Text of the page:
# ISO Algorithm to Apply Smallest Circle Problem

jjweimer

Does anyone have an algorithm for the smallest circle problem?

https://en.wikipedia.org/wiki/Smallest-circle_problem

I am trying to improve my analysis for radial profiles. For one case, I want to use an objectively determined (and thereby consistently set) "smallest circle" to fit around any given blob.

I can pre-generate anything that might be using the ImageAnalyzeParticles operation.

JJ,

I admit to not reading the article referenced... but does it make sense to find the "center of mass" of the distribution and set the radius as the farthest point away form the CoM? Sounds simple like this, but probably not in practice.

Jeff

June 8, 2020 at 05:37 am - Permalink

Indeed I can find the CoM values rather nicely.

As near as I can now tell, the smallest radius values require meeting two constraints. One is that the circle cannot cross inside the boundary and the other is that it must touch at least two outermost points on the boundary, with the two points being separated by a line segment through the body.

I keep hoping for an insight in some other frame that might collapse the two constraints into one.

June 8, 2020 at 05:58 am - Permalink

In reply to Indeed I can find the CoM… by jjweimer

I can't give you any formal mathematics, but just thinking about it I think there are two types of solution.

1. The solution is a circle that touches just two points, the line joining these points being a diameter of the circle.

2. The solution is a circle that touches three (or more, but more is unnecessary) points. These three points define a single solution, the centre of the circle being the intersection of the bisectors of the lines joining two pairs of these points.

So, for an algorithm, if there are many points I would first try to remove those that lie inside triangles formed from joining any three points. One would then (hopefully) be left with a small set of points to test all combinations of 1 and 2 to arrive at a solution.

I have no doubt that there is a far more elegant (efficient) solution out there, but this is one (I think) I can understand.

June 8, 2020 at 07:07 am - Permalink

Yes. I think this two or three point trial and error approach is where I will eventually land.

June 8, 2020 at 07:17 am - Permalink

Couldn't you calculate the distance between all the points as an NxN matrix. The two points that are the furthest apart will be touching the circle. Now you just need to figure out if a third point is needed to define the circle... How to figure that out.... Something involving the distance of the other points to those two points...

June 8, 2020 at 08:02 am - Permalink

In reply to Couldn't you calculate the… by olelytken

I'm not sure that works...

Imagine three points forming an equilateral triangle. These define a circle. Now start at one of these points and head across the diameter of the circle but stop just before you touch the opposite side. The distance between these points is just under 2 x r (where r is the radius), whereas the separation between each the three points that sit on the circle (that formed the equilateral triangle) are sqrt(3).r (=1.732 x r) apart (if my math is correct).

June 8, 2020 at 08:23 am - Permalink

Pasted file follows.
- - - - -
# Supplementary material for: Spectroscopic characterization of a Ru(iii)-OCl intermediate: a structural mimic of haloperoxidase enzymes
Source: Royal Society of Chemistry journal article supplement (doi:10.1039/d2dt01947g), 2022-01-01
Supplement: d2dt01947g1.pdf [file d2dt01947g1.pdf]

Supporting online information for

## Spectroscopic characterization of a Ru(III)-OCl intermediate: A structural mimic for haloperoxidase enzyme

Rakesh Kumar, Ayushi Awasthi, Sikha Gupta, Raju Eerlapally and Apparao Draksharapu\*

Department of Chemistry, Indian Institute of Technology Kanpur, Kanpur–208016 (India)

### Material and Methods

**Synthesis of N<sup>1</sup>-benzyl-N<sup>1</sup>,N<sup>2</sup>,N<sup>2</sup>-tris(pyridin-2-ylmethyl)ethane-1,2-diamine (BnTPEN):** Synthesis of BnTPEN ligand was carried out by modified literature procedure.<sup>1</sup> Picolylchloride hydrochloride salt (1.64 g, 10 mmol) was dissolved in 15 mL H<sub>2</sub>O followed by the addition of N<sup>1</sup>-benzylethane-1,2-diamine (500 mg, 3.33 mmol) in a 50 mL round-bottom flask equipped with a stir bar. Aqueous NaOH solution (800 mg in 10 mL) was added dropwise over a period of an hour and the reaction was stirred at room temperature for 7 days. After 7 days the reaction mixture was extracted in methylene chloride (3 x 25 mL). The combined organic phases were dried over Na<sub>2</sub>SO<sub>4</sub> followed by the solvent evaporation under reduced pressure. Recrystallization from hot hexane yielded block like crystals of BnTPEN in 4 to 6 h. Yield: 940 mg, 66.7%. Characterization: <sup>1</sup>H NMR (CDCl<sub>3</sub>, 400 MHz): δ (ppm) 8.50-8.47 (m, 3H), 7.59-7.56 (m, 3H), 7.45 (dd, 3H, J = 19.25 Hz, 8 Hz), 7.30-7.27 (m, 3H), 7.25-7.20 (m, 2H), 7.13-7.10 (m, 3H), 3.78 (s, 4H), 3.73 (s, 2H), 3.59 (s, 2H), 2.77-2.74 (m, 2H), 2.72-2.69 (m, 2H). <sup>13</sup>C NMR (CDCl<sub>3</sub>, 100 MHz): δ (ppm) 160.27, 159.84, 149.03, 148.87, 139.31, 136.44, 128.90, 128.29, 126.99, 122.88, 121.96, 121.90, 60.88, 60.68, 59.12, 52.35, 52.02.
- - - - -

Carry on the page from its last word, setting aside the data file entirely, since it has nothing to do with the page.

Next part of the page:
What about altering find the maximum pair distance as above, you then find the third point by looking at the sum of the distance of the remaining points to the maximum pair and inspect that one.

Take the idea for what's it worth with the caveat I have had only one coffee thus far.

Andy

June 8, 2020 at 08:25 am - Permalink

I have the code to get the three points on the triangle (and will post later once it is fully operational).

I'm onward to the problem to obtain the bisectors to two line segments.

June 8, 2020 at 08:46 am - Permalink

In reply to olelytken wrote: Couldn… by KurtB

You're right. My idea doesn't work.

June 8, 2020 at 09:31 am - Permalink

@KurtB -- The math for an non-equilateral triangle is a bit more complicated.

June 8, 2020 at 10:20 am - Permalink

I scanned that link (that means, I didn't read it for understanding of the O(N) algorithm). But one thing is clear- obvious algorithms (is there something "obvious" about this problem?) will tend to be O(N^3). For a small number of points, that's not really a problem. But for image-sized numbers of points, it can build up very quickly. Be careful.

June 8, 2020 at 10:22 am - Permalink

> Be careful. ...

Yes. I quickly realized that searching for three (opposing) largest-separation points over an entire particle boundary could be exceptionally time consuming. So to be careful also in this case means to be clever or, to be specific, to thank goodness for Resample/DOWN and MultiThread.

Now if I can just get the algorithm to obtain the circumcenter of three points, I have my answer.

https://www.varsitytutors.com/hotmath/hotmath_help/topics/bisectors-in-…

EDIT ... BINGO!

https://www.ics.uci.edu/~eppstein/junkyard/circumcenter.html

June 8, 2020 at 10:39 am - Permalink

So, after all this work, I discover the BoundingBall operation.

(sigh)

June 8, 2020 at 12:16 pm - Permalink

Hi,

I know that feeling. Searching is great only when you can phrase the query with enough precision and specificity. On a side note, I am working on tools and methods for improved R&D (mostly around materials) and one of things I have come to believe is that we need ways to browse our data in addition to search. I am working on those problems at the moment.

Andy

June 8, 2020 at 12:39 pm - Permalink

Even I forgot about BoundingBall! You might have found it if it were BoundingCircle, but then what if you really want the sphere?

June 8, 2020 at 01:13 pm - Permalink